CHEN Ding-Shuai, DONG Zheng-Wu, GAO Lei, CHEN Xiao-Min, PENG Xin-Hua, SI Bing-Cheng, ZHAO Ying
    Chin J Plan Ecolo. 2017, 41 (12):  1262-1272.  doi:10.17521/cjpe.2017.0219
    Abstract ( 414 )   HTML ( 16 )   PDF (1149KB) ( 712 )   Save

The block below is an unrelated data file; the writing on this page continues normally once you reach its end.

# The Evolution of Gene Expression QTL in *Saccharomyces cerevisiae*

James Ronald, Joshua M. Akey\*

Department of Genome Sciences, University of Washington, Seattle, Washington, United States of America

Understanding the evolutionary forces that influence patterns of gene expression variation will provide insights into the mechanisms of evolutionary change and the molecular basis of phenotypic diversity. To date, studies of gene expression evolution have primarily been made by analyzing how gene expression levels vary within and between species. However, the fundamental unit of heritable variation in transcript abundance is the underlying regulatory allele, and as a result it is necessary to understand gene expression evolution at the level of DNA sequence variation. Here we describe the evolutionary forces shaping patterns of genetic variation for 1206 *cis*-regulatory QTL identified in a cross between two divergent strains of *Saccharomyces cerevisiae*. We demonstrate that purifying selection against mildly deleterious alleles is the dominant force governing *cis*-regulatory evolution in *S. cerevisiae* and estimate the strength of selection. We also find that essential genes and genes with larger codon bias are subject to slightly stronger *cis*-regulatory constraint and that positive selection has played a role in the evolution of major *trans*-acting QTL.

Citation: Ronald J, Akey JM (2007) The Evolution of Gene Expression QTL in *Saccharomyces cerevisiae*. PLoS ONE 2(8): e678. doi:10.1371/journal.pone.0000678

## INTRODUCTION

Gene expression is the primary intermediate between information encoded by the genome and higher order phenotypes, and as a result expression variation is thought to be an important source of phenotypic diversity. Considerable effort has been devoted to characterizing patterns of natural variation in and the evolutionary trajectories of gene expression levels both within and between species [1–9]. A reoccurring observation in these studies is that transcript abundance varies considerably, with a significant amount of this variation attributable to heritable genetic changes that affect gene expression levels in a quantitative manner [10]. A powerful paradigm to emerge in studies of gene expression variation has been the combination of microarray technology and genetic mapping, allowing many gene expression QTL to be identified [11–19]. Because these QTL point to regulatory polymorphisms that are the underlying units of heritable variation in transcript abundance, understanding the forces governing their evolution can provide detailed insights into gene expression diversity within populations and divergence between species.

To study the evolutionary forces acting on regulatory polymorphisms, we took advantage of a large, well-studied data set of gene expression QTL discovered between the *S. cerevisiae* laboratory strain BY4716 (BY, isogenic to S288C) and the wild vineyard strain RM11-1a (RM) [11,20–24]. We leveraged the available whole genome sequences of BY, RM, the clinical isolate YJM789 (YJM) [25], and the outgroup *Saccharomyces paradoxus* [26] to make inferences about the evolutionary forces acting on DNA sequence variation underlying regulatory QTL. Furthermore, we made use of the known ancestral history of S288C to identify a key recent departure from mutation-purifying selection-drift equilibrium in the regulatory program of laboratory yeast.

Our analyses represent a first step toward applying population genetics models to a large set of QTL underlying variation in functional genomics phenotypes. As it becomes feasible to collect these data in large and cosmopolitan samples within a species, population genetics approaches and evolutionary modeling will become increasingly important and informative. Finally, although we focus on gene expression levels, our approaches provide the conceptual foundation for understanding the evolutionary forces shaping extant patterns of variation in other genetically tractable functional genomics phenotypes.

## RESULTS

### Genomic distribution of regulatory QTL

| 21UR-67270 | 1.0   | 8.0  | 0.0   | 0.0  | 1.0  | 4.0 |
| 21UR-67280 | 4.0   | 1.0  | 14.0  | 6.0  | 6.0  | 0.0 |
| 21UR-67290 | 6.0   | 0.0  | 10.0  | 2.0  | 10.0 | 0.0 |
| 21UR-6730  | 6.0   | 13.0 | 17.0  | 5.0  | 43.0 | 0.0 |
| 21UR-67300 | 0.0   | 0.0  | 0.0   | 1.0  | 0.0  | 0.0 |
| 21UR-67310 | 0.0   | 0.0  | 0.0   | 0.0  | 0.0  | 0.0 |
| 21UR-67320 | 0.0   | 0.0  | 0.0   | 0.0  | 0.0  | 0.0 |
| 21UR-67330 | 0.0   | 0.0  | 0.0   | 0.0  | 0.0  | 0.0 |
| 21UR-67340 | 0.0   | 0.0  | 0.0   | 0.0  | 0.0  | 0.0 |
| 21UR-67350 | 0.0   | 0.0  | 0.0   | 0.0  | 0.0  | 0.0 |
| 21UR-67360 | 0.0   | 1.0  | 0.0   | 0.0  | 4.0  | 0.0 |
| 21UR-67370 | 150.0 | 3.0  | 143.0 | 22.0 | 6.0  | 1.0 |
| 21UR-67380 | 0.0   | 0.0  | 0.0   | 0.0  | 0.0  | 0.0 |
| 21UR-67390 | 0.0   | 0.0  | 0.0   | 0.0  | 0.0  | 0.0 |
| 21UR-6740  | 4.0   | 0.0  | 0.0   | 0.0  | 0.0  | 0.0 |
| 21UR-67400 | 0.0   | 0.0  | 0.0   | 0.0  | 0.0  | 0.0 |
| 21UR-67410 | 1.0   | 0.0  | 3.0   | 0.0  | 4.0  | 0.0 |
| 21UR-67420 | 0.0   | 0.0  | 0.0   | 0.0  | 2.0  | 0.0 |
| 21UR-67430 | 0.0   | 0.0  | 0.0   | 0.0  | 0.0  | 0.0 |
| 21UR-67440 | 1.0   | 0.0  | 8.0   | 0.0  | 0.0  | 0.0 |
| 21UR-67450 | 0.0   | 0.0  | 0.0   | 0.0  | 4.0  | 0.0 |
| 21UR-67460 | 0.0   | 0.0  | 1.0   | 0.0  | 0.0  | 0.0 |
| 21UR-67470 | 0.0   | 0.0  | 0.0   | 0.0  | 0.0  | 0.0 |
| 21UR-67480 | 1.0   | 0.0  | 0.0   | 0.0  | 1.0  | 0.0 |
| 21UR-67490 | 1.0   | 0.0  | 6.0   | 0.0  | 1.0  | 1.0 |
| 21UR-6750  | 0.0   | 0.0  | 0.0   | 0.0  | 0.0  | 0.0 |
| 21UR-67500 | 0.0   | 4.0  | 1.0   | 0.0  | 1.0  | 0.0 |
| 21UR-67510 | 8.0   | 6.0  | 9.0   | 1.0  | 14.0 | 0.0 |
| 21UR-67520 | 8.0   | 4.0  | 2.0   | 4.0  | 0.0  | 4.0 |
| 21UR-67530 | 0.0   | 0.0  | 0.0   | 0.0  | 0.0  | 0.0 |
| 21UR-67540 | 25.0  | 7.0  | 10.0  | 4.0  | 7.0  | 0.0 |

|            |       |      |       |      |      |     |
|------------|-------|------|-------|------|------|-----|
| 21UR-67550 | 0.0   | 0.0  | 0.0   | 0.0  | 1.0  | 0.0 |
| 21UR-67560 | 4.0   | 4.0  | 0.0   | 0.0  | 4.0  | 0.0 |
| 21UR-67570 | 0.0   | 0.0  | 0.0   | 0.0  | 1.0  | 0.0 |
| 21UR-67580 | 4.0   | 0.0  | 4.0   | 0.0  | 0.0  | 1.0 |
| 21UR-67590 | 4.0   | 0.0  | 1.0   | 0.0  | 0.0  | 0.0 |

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    Aims The determination of the source of plant water is an important research on the plant-water relationship in arid and semiarid regions and helps to understand the adaptation strategy of desert species to the dry environment. Plant water use pattern affects plant community composition and ecosystem water budget. This study aims to investigate the water use patterns of Caragana microphylla and Artemisia halodendron, two typical shrub species, under altered rainfall conditions in Horqin Sandy Land. Methods Water treatments include ambient rainfall (natural rainfall), 50% increase in rainfall (enhanced rainfall) and 50% decrease in rainfall (reduced rainfall) by artificially intercepting and redistributing natural rainfall. Stable hydrogen and oxygen isotope ratios (δD and δ18O) were measured for xylem water, rainfall, and soil water in different soil layers (0-120 cm depth). The possible ranges of potential water sources used by C. microphylla and A. halodendron were calculated using the IsoSource model. Important findings 1) Alteration of ambient rainfall mainly affected the soil water condition in the shallow soil (0-30 cm). Increase in rainfall significantly increased the above- and below-ground biomass, and δ18O values of soil water declined with soil depth. 2) Under the enhanced rainfall treatment, A. halodendron mainly used the soil water in the shallow soil (0-40 cm) and C. microphylla was able to extract water from multiple soil layers. Under the reduced rainfall treatment, both species increasingly relied on extracting water from deeper soil layers, 60-80 cm for A. halodendron and 60-120 cm for C. microphylla. 3) For the natural rainfall treatment, in the wet season, the upper soil water was recharged by rainfall, C. microphylla and A. halodendron extract the shallow soil water (0-60 cm). However, in the dry season, soil water content was dramatically reduced, and main water sources for C. microphylla shifted from topsoil to deeper soil, and A. halodendron can use multiple layers of soil water. In summary, A. halodendron is more capable of exploring deeper soil moisture under reduced rainfall in comparison with C. microphylla, and is likely to be more adaptive to this water-limiting desert environment.